One of the top goals for business leaders today is to better understand, engage with and retain their customers. This involves making the most of the ever-growing volume of customer data available to build integrated, three-dimensional profiles of customers and to identify patterns and trends. Many firms turn to the roles closest to the customer to deliver this insight.

Recent research undertaken with PwC reveals that nearly two-thirds of European and just under half of North American mid-market firms believe their marketing teams have the best skills to extract insight from information, and around half (46 and 57 per cent respectively) say the same for their customer service and insight teams.

Yet conversations with marketing leaders reveal that the teams in question are far less confident about their ability to achieve this.

One study found that a third of executives believe that being able to use data analytics to extract predictive findings from big data is the top skill required of their marketing professionals. However, just under half admit their own team lacks this skill. Another discovered that an overwhelming 82 per cent of marketing leaders feel unprepared to deal with the data explosion, and only 59 per cent say they have the skills to analyse and understand customer behaviour across all channels.

Despite this clearly recognised skills gap, only one in five marketing professionals is expected to receive formal training in data analysis this year.

In short, many firms could be passing data to teams that are ill-equipped to do it justice. Missing out on rich customer insight is just one of the risks. Our research found that marketing teams are increasingly given free access to sensitive and confidential customer information in order to extract intelligence, but are rarely held accountable for keeping it safe.

We discovered that less than one per cent of mid-market firms think teams such as marketing and customer insight should have a responsibility for information protection. Many (39 per cent) place this responsibility firmly at the door of the IT security manager.

This is all the more worrying when you consider the fact that marketing departments are often at the forefront of flexible working practices, allowing staff to work from home or while travelling – often without providing adequate guidance and support.

We found that one in three marketing professionals works from home two-to-four days a week, more than most other job roles. A third undertake confidential or sensitive work while travelling on public transport; one in four throw documents into insecure bins away from the office – and 48 per cent send or receive work documents over a personal email account, at times using an insecure wireless network (12 per cent). However, just a third of the employers surveyed provide secure remote intranet access for marketing professionals working from home, or offer guidelines or policies on how to handle sensitive information.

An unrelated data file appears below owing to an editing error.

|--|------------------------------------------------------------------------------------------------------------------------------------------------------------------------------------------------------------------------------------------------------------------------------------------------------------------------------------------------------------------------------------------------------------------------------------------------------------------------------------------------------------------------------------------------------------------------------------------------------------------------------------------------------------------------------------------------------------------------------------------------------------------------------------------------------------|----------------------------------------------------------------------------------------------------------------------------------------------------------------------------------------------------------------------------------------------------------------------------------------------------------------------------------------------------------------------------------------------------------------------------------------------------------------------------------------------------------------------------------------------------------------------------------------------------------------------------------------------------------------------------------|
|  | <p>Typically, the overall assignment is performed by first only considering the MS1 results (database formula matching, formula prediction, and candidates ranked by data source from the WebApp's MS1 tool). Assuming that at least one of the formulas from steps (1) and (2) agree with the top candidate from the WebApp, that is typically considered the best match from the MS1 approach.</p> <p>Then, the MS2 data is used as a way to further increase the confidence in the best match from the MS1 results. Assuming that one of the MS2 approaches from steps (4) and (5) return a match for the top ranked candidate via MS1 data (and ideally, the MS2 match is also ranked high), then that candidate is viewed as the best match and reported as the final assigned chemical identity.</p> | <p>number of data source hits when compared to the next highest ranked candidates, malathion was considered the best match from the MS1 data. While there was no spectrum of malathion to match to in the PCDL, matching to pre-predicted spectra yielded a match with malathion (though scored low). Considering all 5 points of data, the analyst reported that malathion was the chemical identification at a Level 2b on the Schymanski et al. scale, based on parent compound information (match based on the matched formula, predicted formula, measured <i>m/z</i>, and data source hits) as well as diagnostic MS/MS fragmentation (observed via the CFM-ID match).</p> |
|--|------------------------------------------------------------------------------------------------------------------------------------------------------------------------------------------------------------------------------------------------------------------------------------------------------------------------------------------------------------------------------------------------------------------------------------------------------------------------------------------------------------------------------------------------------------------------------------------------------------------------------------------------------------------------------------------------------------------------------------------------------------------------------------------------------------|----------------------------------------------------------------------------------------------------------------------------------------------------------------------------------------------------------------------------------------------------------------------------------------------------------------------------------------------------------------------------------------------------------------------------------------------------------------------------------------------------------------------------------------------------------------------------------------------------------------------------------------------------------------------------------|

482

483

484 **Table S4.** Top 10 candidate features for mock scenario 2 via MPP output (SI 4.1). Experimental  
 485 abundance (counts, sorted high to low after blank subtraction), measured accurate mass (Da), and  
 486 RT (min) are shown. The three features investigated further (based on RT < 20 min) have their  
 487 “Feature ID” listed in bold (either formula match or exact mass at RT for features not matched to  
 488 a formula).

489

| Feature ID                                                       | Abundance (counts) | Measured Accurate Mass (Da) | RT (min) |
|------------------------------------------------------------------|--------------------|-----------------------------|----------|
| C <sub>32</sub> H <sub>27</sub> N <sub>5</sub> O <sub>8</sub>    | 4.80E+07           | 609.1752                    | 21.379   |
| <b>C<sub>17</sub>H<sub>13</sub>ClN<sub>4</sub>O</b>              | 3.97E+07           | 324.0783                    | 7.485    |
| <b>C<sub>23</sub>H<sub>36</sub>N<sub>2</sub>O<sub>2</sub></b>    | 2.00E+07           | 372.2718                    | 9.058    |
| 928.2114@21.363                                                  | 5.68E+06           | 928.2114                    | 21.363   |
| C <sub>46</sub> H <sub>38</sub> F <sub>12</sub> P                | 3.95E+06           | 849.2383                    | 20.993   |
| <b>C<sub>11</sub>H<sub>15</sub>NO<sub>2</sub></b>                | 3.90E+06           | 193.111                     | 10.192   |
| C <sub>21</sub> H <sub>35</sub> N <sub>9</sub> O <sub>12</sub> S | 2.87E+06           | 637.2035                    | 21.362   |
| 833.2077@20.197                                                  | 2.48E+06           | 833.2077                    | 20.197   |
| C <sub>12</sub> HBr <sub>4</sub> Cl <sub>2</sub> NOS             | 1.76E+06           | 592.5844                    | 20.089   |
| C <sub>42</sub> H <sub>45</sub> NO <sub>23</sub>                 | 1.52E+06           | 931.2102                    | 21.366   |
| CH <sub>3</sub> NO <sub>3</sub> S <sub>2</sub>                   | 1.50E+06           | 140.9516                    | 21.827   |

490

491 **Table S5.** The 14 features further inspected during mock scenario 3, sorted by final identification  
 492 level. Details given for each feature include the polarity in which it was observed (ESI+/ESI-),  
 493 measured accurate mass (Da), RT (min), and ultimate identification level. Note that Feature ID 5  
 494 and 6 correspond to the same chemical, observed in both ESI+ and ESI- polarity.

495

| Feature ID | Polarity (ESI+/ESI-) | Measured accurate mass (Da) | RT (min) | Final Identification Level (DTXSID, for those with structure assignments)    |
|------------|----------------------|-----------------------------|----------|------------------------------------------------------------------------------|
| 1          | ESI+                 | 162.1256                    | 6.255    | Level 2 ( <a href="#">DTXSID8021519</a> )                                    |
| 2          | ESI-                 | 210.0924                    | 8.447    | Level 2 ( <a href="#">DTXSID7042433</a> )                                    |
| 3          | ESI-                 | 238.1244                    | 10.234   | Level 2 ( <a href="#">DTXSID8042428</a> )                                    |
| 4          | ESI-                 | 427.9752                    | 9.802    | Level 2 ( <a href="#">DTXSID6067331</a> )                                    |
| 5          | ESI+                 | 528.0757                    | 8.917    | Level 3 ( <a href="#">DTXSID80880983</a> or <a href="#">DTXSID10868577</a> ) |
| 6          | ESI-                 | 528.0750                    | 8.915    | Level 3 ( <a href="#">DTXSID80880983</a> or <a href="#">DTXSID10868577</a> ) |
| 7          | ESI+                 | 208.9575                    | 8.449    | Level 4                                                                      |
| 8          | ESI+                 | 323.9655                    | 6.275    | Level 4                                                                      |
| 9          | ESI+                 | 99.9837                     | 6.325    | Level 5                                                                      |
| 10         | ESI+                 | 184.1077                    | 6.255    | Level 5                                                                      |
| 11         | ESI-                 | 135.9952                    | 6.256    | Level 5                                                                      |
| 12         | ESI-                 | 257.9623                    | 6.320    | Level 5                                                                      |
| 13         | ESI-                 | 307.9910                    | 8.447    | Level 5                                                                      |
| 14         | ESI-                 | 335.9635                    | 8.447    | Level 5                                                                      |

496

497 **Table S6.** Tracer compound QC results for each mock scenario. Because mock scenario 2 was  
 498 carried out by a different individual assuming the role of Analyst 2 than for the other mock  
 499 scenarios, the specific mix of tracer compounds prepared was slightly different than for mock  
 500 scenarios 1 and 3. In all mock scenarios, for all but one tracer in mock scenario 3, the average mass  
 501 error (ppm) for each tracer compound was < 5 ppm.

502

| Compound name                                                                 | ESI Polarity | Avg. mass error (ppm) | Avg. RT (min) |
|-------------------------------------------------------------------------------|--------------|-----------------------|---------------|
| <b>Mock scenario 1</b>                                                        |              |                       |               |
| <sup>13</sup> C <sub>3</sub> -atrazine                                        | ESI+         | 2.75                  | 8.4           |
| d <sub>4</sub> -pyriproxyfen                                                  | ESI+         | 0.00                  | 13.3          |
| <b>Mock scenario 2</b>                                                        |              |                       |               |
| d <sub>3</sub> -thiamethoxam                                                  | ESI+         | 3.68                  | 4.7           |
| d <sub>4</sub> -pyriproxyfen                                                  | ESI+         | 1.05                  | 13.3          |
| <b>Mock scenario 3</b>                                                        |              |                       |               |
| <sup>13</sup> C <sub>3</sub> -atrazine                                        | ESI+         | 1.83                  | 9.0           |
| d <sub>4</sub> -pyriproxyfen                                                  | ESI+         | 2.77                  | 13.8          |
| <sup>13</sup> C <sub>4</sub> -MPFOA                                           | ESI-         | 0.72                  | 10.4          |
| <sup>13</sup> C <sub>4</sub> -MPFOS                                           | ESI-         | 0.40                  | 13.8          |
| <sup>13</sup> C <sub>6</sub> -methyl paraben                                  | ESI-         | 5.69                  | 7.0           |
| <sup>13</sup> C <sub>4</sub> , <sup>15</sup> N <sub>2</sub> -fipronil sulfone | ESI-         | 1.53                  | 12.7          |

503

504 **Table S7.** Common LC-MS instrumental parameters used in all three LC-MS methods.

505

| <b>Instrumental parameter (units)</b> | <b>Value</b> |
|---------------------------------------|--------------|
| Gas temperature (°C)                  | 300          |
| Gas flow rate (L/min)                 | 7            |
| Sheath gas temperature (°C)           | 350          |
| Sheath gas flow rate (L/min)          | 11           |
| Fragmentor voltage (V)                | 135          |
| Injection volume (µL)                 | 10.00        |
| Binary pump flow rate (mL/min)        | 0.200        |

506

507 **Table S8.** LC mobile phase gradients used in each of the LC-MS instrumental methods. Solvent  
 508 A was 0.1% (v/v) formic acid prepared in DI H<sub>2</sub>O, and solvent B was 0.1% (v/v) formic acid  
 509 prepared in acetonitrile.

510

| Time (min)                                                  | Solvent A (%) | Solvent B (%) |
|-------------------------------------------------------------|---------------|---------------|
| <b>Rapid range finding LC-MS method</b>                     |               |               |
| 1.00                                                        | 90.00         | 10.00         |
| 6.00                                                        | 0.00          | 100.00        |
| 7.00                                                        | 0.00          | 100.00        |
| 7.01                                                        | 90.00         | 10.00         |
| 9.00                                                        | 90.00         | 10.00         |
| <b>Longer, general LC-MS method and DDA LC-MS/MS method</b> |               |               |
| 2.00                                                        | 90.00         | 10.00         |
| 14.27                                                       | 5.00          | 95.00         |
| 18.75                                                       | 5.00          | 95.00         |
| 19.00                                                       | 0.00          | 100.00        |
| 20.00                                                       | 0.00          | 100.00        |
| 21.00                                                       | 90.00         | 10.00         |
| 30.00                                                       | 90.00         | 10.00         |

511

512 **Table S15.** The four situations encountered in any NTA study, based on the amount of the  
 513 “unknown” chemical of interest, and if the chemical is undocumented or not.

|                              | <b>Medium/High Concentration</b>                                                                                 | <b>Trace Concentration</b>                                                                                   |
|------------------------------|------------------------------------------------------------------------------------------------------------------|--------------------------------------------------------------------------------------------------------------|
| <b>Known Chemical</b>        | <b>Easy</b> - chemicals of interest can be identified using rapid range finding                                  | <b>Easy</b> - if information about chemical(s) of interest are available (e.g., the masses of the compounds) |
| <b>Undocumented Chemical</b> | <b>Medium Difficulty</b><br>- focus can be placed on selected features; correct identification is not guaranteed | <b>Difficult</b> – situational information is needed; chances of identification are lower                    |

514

Put together, this represents a ticking data breach time bomb that could go off at any time. This can and must be prevented.

Customer information is too valuable to be treated casually. The opportunities companies have every day to capture, analyse and use information would have been unimaginable just a few years ago. Online customer registration, digital and verbal communications, browsing, social media, location-, transactional- and purchase- data provide firms with a real opportunity to understand the behaviour and preference of their customers.

Making such data accessible across the business for analysis and intelligence is essential for customer engagement and business growth – but the people using that data must know how to protect it, and be helped to do so.

The days when information management, storage and protection could be consigned to the back office for IT and records management are long gone. Information management is now a mission-critical process that rests in the hands of every single employee. Failure to close the gap between access and protection could have devastating consequences – for business competitiveness, sales and reputation. Setting data free is not the same as casting it adrift.

Phil Greenwood

Phil Greenwood


Christian Toon, Head of Information Risk, Europe, Iron Mountain.